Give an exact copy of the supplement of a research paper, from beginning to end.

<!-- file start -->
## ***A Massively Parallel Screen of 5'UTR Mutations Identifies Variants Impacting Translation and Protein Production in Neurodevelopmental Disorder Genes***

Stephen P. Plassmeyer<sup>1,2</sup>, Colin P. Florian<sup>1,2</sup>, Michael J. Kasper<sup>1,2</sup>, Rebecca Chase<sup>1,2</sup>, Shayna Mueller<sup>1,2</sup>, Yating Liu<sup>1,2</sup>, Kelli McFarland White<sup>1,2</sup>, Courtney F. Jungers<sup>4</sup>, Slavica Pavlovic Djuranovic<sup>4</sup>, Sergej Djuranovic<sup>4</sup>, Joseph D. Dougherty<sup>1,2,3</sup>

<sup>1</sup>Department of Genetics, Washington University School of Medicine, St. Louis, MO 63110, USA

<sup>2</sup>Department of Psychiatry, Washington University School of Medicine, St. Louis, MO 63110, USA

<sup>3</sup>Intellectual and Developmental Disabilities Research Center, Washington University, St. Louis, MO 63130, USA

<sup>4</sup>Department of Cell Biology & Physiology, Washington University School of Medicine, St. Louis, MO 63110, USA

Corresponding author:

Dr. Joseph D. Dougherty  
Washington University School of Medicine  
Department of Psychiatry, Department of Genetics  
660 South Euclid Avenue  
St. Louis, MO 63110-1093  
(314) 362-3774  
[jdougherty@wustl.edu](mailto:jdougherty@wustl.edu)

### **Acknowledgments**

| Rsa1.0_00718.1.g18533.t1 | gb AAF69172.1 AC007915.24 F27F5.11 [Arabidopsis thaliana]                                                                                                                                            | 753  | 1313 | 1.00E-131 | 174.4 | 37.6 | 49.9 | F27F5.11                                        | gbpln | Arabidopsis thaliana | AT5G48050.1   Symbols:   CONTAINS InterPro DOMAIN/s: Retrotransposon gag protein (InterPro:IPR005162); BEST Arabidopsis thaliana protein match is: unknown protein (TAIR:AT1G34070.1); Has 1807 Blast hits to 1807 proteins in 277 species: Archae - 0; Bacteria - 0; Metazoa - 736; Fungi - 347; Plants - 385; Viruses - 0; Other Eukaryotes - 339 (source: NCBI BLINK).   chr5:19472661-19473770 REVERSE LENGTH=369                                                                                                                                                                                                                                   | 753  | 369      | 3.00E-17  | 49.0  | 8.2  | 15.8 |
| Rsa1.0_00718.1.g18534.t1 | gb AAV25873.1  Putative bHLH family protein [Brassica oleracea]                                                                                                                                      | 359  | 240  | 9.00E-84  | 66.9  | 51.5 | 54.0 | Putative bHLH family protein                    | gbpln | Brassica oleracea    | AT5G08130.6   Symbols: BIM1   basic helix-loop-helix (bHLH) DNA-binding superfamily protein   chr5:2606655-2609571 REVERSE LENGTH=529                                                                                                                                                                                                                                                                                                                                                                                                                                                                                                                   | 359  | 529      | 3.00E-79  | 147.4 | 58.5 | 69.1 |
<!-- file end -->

## ***A Massively Parallel Screen of 5'UTR Mutations Identifies Variants Impacting Translation and Protein Production in Neurodevelopmental Disorder Genes***

Stephen P. Plassmeyer<sup>1,2</sup>, Colin P. Florian<sup>1,2</sup>, Michael J. Kasper<sup>1,2</sup>, Rebecca Chase<sup>1,2</sup>, Shayna Mueller<sup>1,2</sup>, Yating Liu<sup>1,2</sup>, Kelli McFarland White<sup>1,2</sup>, Courtney F. Jungers<sup>4</sup>, Slavica Pavlovic Djuranovic<sup>4</sup>, Sergej Djuranovic<sup>4</sup>, Joseph D. Dougherty<sup>1,2,3</sup>

<sup>1</sup>Department of Genetics, Washington University School of Medicine, St. Louis, MO 63110, USA

<sup>2</sup>Department of Psychiatry, Washington University School of Medicine, St. Louis, MO 63110, USA

<sup>3</sup>Intellectual and Developmental Disabilities Research Center, Washington University, St. Louis, MO 63130, USA

<sup>4</sup>Department of Cell Biology & Physiology, Washington University School of Medicine, St. Louis, MO 63110, USA

Corresponding author:

Dr. Joseph D. Dougherty  
Washington University School of Medicine  
Department of Psychiatry, Department of Genetics  
660 South Euclid Avenue  
St. Louis, MO 63110-1093  
(314) 362-3774  
[jdougherty@wustl.edu](mailto:jdougherty@wustl.edu)

### **Acknowledgments**

| Rsa1.0_00718.1.g18533.t1 | gb AAF69172.1 AC007915.24 F27F5.11 [Arabidopsis thaliana]                                                                                                                                            | 753  | 1313 | 1.00E-131 | 174.4 | 37.6 | 49.9 | F27F5.11                                        | gbpln | Arabidopsis thaliana | AT5G48050.1   Symbols:   CONTAINS InterPro DOMAIN/s: Retrotransposon gag protein (InterPro:IPR005162); BEST Arabidopsis thaliana protein match is: unknown protein (TAIR:AT1G34070.1); Has 1807 Blast hits to 1807 proteins in 277 species: Archae - 0; Bacteria - 0; Metazoa - 736; Fungi - 347; Plants - 385; Viruses - 0; Other Eukaryotes - 339 (source: NCBI BLINK).   chr5:19472661-19473770 REVERSE LENGTH=369                                                                                                                                                                                                                                   | 753  | 369      | 3.00E-17  | 49.0  | 8.2  | 15.8 |
| Rsa1.0_00718.1.g18534.t1 | gb AAV25873.1  Putative bHLH family protein [Brassica oleracea]                                                                                                                                      | 359  | 240  | 9.00E-84  | 66.9  | 51.5 | 54.0 | Putative bHLH family protein                    | gbpln | Brassica oleracea    | AT5G08130.6   Symbols: BIM1   basic helix-loop-helix (bHLH) DNA-binding superfamily protein   chr5:2606655-2609571 REVERSE LENGTH=529                                                                                                                                                                                                                                                                                                                                                                                                                                                                                                                   | 359  | 529      | 3.00E-79  | 147.4 | 58.5 | 69.1 |